In doing some research this fall, I came across 3 science resources.
Next Generation Science Standards: I was in a workshop last year when a teacher started talking about NGSS – an acronym new to me then. This site is an everything-you-want–to-know-about-NGSS. The story of the evolution of science standards along with questions is found on this site.
Center on Alcohol Marketing and Youth: Business class, preparation for summer break or talking with students and parents, this site from Johns Hopkins provides reports, articles, fact sheets and suggestions.
Garden.org: Sponsored by the National Gardening Association this site offers free, plant-based materials, grants and resources. NGA resources expand knowledge in a variety of areas to include science, social studies, leadership, problem solving and team building, to name a few.
With all the talk and the press about Common Core State Standards, we’ve been exposed to many resources. Here are 4 that I go back to often.
Periodic Table of Common Core Standards: The authors describe this as a “tool that could help you pull the big ideas of the standards into one place.” What I love about this infographic are the visual cues.
Five-Minute Film Festival: Digging into the Common Core: This is a new favorite blog for me. Amy Erin Borovoy’s Five-Minute Film Festivals are well-organized and easy to use. On the topic of the Common Core, she provides 10 videos ranging in length from under 2 minutes to over 12 minutes, all designed to help explain CC. Be sure to listen/watch the Common Core Blues – you might smile.
Achieve the Core: A personal favorite, this site has free resources for educators. The professional development section has solid and easy-to-implement resources.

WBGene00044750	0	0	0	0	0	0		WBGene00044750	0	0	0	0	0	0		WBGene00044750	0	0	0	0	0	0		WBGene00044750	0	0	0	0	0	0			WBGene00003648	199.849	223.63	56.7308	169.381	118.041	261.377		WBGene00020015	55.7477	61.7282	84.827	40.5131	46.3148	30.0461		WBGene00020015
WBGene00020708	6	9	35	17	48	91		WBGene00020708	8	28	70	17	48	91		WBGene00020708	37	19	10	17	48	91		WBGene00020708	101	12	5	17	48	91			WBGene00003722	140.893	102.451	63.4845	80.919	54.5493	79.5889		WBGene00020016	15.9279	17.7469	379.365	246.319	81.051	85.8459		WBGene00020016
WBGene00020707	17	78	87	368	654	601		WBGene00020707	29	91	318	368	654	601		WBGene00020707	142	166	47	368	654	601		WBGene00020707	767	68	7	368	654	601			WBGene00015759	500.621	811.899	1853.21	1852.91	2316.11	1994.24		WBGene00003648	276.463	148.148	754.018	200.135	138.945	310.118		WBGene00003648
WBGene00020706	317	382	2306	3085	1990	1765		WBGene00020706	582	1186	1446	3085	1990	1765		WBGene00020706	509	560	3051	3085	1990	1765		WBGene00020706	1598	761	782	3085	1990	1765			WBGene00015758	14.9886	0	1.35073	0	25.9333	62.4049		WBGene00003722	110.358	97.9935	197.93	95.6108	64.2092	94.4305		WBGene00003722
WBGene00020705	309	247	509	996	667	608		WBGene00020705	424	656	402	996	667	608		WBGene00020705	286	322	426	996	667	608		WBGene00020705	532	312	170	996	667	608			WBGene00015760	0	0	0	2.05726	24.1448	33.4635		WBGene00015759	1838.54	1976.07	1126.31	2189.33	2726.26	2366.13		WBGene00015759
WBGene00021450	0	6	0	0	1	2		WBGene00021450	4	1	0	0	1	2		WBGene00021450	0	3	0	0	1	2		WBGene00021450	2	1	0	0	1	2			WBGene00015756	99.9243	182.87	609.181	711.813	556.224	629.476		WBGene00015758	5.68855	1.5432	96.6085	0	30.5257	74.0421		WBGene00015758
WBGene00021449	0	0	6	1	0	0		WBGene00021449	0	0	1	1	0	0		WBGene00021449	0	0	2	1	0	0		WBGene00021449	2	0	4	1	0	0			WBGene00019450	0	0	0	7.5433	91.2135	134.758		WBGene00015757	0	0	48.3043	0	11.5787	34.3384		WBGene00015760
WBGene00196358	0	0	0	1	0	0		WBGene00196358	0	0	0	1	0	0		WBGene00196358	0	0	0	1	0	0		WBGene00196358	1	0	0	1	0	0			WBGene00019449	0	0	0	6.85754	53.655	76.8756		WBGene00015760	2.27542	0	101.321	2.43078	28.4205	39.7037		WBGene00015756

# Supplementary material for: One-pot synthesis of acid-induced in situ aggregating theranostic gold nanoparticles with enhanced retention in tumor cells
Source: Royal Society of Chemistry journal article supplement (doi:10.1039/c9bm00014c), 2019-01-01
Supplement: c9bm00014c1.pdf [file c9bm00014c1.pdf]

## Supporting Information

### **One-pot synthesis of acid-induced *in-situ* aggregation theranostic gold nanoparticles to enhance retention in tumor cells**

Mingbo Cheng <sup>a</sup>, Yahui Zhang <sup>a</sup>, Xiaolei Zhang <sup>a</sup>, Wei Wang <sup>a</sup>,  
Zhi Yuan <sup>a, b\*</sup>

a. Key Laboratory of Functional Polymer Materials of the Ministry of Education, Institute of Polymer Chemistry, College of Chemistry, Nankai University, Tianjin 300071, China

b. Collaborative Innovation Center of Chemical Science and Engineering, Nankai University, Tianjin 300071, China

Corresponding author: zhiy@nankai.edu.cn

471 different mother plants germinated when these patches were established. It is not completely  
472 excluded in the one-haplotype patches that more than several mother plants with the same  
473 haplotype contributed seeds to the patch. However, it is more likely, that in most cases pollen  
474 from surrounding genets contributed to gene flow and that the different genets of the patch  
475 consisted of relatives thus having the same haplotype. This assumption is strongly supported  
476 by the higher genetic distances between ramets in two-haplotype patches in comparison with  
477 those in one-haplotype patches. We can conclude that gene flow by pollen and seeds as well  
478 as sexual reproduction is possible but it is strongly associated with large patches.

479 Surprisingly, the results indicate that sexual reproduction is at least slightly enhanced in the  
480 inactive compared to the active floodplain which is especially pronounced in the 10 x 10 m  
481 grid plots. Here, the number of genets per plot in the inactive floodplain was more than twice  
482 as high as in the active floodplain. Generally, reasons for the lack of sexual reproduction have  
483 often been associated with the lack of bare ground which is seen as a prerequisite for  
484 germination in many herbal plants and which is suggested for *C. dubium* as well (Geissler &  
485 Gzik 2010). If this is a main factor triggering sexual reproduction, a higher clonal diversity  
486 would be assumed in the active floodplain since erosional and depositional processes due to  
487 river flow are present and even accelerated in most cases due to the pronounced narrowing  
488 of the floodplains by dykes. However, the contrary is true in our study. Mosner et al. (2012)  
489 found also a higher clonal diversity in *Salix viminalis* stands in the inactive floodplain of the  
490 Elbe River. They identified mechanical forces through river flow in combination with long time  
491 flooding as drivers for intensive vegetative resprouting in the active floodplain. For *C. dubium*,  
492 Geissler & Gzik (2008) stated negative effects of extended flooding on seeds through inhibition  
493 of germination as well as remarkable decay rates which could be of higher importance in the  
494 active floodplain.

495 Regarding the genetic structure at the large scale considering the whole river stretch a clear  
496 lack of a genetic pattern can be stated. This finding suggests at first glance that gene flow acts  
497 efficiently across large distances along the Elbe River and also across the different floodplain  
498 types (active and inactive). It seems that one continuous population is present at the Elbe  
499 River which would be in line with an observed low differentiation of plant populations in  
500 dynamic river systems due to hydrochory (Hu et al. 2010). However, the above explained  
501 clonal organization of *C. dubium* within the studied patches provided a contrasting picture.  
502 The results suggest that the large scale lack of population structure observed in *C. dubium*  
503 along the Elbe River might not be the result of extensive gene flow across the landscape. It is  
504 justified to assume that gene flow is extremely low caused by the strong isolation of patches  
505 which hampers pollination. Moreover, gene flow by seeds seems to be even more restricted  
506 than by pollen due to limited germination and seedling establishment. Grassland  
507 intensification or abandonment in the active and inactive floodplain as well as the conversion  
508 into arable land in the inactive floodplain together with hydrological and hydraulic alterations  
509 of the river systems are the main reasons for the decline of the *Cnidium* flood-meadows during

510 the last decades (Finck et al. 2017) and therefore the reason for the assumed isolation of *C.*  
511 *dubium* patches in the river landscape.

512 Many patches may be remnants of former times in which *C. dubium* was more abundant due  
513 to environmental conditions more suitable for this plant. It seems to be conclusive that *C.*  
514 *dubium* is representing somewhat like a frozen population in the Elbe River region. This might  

engageNY: This site provides a wealth of information – implementation resources, curriculum resources (I know, NY focus), professional development kits and more. The video, Teaching is the Core, allows us to hear lots of teachers’ voices and hear about student engagement.
For some reason I really want to take a quantum physics course – have for a while now. It seemed like a MOOC might be a way to do that. One thing I discovered and explored was this massive list of potential courses. And while I haven’t found the course for me yet, I have encountered some interesting information about MOOCs.
In this article by Greg Thompson, MOOCs (massive open online course) are talked about as independent study for advanced students, an additional tool for K-12 educators – watch the Scott Garrigan video;
Learning online is changing, almost daily it seems. MOOCs are not as simple as converting an existing course. The “sheer scale …changes key dynamics,” says Michelle Fredett. The student body is different (and not just larger). Assessment changes. Planning is important, as is reacting to the data. Check out the right-hand navigation bar beside this article for additional articles about MOOCs.